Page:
Wolves 2-2 Liverpool: Julen Lopetegui Calls It “Impossible” A potential winner was disqualified

It is “incredible,” according to Wolverhampton Wanderers manager Julen Lopetegui, that his team’s potential game-winning goal was disallowed in their FA Cup third-round matchup with Liverpool at Anfield.

Centre-back Toti flicked the ball in, but Matheus Nunes, who had taken the first corner and received the ball on the left after Hwang Hee-chan pushed it out to the flank, had his offside flag raised against him by the assistant referee.

Wolves were forced to accept a 2-2 draw because the video assistant referee (VAR) lacked any camera angles to offer evidence to reverse the judgment.

After the game, Lopetegui and captain Ruben Neves entered referee Andrew Madley’s office where he claimed the offside “doesn’t exist” and that it was a “shame” since his team “deserved to pass to the next round.”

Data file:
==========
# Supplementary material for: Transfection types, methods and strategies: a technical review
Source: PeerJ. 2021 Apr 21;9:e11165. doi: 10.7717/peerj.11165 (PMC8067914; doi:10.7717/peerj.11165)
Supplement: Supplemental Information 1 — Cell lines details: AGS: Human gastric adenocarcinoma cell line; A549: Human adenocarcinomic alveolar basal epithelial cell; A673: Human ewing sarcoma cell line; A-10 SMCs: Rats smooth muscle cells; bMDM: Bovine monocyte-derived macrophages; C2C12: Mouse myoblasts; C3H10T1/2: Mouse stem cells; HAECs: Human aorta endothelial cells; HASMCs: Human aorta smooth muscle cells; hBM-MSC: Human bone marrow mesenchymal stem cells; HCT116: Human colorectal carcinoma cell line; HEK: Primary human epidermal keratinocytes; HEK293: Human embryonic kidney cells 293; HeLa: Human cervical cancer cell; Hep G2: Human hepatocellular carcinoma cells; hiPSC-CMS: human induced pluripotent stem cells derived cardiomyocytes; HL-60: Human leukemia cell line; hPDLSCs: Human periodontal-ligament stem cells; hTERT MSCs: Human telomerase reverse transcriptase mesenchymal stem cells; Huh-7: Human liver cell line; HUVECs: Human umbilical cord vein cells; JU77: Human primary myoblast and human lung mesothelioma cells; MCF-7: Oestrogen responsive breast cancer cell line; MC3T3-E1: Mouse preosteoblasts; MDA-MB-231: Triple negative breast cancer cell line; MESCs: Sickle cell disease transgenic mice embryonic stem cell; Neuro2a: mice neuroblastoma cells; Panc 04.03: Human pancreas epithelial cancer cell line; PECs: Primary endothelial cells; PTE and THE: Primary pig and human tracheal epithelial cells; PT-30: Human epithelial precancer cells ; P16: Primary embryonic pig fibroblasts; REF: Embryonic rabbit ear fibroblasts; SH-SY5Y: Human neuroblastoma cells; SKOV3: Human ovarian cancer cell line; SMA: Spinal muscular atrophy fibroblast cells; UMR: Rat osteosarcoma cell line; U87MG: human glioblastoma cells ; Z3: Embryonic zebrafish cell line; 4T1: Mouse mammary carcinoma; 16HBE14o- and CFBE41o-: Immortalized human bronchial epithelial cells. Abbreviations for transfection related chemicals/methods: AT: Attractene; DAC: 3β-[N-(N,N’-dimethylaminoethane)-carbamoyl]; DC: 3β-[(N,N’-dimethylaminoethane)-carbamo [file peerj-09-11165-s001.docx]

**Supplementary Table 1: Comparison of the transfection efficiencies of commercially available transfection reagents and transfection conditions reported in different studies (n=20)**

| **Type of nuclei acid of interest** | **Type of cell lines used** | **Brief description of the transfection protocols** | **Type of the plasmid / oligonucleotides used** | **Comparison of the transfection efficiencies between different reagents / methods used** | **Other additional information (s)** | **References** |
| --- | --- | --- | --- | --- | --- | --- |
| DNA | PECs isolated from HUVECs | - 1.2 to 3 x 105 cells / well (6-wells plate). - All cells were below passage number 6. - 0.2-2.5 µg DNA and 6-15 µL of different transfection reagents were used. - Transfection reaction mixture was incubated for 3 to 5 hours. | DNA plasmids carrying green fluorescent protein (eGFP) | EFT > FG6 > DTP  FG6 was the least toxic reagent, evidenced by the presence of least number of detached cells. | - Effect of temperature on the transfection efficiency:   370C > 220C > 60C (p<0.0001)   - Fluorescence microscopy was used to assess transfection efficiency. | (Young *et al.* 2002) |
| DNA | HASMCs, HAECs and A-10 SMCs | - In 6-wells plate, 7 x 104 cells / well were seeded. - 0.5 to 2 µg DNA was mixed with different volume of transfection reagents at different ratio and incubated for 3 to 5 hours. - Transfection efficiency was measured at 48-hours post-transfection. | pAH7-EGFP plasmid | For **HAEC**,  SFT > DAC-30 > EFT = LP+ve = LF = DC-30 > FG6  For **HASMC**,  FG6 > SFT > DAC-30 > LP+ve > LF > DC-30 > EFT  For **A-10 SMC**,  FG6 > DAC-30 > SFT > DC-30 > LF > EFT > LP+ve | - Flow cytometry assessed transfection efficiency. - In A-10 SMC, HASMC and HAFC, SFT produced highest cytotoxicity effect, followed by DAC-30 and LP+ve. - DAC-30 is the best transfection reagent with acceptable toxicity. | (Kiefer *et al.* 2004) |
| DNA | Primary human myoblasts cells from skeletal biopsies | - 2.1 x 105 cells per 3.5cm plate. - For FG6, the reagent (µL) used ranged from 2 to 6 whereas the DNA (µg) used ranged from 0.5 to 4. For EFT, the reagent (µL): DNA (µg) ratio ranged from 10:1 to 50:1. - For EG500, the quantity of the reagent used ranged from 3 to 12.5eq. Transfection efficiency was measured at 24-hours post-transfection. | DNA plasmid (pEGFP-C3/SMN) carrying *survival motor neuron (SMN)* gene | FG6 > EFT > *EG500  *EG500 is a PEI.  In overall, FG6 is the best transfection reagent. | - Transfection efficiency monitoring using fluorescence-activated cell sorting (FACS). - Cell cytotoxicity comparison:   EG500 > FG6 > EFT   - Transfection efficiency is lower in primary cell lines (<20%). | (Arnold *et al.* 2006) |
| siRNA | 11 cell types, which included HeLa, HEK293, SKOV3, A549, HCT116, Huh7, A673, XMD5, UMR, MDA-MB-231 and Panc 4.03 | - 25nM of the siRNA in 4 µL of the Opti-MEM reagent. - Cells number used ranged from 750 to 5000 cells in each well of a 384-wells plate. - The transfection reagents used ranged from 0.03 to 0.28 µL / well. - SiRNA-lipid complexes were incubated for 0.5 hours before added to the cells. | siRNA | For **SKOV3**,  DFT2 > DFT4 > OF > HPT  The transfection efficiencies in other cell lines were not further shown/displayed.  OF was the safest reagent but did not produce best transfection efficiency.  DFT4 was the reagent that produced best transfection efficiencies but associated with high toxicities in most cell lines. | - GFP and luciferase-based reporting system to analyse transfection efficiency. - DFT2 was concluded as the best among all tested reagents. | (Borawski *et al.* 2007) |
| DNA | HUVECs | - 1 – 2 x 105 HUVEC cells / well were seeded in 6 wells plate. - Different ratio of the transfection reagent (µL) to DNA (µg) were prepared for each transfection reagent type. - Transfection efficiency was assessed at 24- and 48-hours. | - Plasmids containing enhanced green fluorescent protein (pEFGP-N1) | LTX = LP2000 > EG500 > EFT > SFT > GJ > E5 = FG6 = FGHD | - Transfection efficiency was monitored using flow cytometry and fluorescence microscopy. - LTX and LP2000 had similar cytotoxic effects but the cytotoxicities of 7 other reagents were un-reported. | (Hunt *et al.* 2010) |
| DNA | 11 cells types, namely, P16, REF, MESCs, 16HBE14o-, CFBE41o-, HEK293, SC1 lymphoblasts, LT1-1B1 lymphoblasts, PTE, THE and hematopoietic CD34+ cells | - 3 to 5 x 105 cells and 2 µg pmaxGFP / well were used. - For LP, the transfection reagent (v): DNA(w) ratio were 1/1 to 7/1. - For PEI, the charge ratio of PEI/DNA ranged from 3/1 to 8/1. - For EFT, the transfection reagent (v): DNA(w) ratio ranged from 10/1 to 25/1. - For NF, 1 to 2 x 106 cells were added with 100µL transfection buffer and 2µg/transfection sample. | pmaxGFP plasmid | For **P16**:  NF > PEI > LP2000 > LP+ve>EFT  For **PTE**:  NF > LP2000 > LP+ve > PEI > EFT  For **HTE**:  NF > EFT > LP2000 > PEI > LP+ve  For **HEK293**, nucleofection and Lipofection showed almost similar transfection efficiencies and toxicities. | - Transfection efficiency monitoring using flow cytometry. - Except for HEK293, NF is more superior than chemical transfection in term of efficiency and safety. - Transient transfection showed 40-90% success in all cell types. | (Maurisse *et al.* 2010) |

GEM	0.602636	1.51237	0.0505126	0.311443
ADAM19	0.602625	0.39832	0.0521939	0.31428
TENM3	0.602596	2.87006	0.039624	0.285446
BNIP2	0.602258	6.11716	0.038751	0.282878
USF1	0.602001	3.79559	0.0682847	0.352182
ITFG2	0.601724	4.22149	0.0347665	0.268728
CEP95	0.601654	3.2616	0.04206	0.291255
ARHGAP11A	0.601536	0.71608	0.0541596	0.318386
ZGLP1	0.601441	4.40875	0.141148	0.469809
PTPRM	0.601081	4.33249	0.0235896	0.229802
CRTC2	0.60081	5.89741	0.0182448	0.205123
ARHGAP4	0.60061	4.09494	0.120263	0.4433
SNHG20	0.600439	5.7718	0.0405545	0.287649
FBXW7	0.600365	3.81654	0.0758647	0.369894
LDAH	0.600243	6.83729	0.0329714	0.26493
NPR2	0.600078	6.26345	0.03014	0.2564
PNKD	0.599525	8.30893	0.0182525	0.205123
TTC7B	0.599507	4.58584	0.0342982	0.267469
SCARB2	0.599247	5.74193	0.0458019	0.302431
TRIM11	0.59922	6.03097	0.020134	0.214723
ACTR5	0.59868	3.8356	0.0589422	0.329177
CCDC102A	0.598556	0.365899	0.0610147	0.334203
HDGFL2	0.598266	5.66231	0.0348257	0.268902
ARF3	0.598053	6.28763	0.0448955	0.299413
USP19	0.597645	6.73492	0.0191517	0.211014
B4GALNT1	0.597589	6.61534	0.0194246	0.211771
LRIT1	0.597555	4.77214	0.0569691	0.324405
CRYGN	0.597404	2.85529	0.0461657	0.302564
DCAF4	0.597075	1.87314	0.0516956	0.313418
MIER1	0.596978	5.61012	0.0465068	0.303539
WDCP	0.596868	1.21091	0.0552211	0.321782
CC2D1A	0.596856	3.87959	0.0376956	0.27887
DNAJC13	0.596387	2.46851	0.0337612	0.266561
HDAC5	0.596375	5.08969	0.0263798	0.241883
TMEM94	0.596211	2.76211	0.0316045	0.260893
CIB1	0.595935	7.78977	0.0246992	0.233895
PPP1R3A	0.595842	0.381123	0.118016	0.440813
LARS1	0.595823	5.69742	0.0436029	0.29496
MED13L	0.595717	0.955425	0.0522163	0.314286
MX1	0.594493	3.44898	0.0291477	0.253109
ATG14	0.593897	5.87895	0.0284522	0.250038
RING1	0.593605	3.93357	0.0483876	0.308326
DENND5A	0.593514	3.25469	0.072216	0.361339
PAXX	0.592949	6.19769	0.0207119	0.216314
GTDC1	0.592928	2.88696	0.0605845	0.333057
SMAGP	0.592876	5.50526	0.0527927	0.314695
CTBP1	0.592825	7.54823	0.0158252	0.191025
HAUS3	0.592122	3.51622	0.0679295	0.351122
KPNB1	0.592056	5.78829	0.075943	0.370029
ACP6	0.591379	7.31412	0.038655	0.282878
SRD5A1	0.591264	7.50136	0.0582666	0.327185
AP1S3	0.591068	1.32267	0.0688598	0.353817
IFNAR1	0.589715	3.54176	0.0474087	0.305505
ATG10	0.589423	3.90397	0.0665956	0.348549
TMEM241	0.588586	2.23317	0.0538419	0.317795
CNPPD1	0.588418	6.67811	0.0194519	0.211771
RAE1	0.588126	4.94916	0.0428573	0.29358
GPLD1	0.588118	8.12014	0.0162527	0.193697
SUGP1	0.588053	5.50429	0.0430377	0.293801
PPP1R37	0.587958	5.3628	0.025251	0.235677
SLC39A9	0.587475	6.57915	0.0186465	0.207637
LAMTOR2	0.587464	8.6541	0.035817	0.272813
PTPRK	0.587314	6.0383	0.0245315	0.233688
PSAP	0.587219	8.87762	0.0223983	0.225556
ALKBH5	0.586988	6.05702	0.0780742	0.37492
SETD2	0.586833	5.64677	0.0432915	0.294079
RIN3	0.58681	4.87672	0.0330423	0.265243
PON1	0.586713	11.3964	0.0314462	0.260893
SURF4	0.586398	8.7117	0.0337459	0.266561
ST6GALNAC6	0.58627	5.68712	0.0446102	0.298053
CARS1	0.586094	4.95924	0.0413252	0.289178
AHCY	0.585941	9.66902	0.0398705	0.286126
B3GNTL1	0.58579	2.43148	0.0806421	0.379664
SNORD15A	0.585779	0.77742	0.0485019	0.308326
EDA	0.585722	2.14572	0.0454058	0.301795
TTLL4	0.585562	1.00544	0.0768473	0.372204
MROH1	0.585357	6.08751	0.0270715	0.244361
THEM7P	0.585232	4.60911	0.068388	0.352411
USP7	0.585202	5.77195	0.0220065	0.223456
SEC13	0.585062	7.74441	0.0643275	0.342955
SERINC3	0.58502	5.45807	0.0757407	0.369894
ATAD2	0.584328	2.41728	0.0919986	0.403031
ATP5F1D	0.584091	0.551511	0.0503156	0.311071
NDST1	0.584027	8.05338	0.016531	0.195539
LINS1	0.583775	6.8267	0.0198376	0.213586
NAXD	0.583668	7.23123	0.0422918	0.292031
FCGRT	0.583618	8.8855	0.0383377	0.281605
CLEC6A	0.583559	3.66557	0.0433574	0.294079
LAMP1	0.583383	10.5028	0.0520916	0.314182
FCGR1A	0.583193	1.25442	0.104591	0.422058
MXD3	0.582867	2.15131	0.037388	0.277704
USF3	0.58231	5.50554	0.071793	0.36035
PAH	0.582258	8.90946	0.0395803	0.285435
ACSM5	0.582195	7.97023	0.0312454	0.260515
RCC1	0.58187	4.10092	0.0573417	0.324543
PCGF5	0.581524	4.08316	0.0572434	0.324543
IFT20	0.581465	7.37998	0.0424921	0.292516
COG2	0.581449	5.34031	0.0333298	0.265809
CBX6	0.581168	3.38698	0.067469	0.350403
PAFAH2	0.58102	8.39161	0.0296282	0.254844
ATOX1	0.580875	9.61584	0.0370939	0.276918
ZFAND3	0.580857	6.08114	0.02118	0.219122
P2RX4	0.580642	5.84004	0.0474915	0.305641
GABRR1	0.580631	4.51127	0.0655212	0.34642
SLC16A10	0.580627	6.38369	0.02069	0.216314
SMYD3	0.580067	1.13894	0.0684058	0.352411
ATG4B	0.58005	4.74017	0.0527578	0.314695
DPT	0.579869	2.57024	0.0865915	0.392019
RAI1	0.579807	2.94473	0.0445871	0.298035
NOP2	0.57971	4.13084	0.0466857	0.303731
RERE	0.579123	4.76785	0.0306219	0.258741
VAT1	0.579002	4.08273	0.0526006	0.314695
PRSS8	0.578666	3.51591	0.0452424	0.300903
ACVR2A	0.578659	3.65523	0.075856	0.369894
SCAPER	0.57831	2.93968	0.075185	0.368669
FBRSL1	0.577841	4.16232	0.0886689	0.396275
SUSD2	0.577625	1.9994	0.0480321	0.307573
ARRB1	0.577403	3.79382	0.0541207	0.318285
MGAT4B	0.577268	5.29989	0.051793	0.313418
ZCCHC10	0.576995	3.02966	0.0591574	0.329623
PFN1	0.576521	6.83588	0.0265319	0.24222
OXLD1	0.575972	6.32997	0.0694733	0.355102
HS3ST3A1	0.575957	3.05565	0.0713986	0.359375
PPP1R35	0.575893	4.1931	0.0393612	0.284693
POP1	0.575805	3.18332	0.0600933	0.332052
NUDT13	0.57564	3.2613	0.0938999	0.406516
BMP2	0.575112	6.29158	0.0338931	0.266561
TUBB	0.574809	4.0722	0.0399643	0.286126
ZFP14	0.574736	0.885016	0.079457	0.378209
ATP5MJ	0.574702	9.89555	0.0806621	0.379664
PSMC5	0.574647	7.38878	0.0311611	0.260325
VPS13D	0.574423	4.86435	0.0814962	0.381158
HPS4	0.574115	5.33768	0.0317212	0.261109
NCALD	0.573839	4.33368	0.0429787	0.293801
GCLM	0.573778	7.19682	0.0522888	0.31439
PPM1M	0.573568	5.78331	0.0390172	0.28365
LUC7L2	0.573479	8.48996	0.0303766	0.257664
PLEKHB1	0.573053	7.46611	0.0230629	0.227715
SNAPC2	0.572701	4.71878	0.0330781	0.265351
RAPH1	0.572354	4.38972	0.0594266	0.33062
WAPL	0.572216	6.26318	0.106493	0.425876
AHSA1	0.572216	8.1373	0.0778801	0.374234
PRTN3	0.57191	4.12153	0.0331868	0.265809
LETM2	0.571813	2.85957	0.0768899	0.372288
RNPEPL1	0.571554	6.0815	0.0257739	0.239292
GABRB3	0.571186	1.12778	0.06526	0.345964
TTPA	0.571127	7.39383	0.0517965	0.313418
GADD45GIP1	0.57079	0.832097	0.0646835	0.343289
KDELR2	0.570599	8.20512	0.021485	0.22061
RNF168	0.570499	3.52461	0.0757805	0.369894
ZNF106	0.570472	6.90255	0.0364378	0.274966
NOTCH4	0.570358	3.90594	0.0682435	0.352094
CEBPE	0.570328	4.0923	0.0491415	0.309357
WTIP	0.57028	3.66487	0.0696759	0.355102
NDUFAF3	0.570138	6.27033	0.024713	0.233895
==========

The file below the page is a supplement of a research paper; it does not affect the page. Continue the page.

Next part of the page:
In addition, he was upset that Mohamed Salah’s goal, which gave Liverpool a 2-1 lead, was upheld despite the Egyptian forward appearing to be offside when the ball was given to him in the build-up.

What actually took place?

Nunes took a corner that was headed by Nathan Collins, touched by Hwang back to Nunes on the left wing, and then Wolves’ goal was disallowed.

He advanced to the byeline and crossed the ball, which was deflected to Hwang, whose shot Toti turned in to give Wolves a 3-2 lead after they had fallen behind 1-0.

Toti removed his shirt during the frenzied celebration by the Wolves players, but the assistant had his flag raised.

After reviewing the incident, the VAR couldn’t reverse the decision since there wasn’t a clear camera perspective.

We have watched it, the offside doesn’t exist, I’m sorry, Lopetegui said ITV. It’s not feasible.

“Someone said it was offside, but we’ve seen the pictures, and it’s not there.

“The choice was incorrect. Every day I make mistakes, and occasionally they do too. We have VAR assistance today, which is unfortunate since it’s not offside.

“I’m not sure about their third goal,” remarked Jurgen Klopp, the manager of Liverpool. We only have one image where it might appear off-side, but I can see why they are upset about it. The VAR shouldn’t only have one angle, per se.